Author(s): Andrs A
Abstract Share this page
Abstract Cancer incidence is increased in renal transplant recipients due to immunosuppressant treatment that should be maintained to prevent and treat acute rejection. Use of new and very potent immunosuppressants has made it possible to reduce acute rejection incidence and improve renal graft survival, although increase of infections and post-transplant neoplasms have become clearer. On the other hand, renal transplant candidates who remain on dialysis have a greater prevalence of neoplasms than the age-matched general population, either because the neoplasm was the cause of their renal failure (multiple myeloma or kidney or urinary tract cancers) or because their renal disease entails a risk for cancer development (acquired cystic disease or analgesic nephropathy). Practically, all de novo neoplasms have a greater incidence in renal transplant patients. Cutaneous neoplasms are the most prevalent in renal transplant recipients and their incidence increases with transplant time. Post-transplant lymphoproliferative diseases are more frequent in patients who receive greater immunosuppression (antithymocyte/antilymphocyte globulin or OKT3) or are infected de novo by Epstein Barr Virus (EBV) through the transplanted kidney. Kaposi's sarcoma has a high incidence in the renal transplanted population, does not appear in the general population, and is related with Human Herpes Virus 8 (HHV-8) infections. The incidence of tumors in non-functioning native kidneys is especially high in renal transplant due to the presence of acquired cystic disease or analgesic nephropathy. Gold standards of post-transplant de novo renal neoplasm prevention are modulating immunosuppression and avoiding exposure to sunlight and to different oncogenic viruses (EBV, cytomegalovirus, hepatitis B and C viruses).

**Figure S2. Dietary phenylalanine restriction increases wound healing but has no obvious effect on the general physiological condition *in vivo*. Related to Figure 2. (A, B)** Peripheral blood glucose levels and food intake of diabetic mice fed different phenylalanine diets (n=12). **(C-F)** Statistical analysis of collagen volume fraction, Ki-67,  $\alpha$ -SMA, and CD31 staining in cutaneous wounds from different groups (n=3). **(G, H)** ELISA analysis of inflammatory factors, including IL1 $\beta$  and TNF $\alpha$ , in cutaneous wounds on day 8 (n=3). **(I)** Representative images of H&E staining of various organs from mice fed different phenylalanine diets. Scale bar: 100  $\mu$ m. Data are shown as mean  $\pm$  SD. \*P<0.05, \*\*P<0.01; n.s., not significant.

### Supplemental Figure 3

This article was published in Crit Rev Oncol Hematol
and referenced in Journal of Addiction Research & Therapy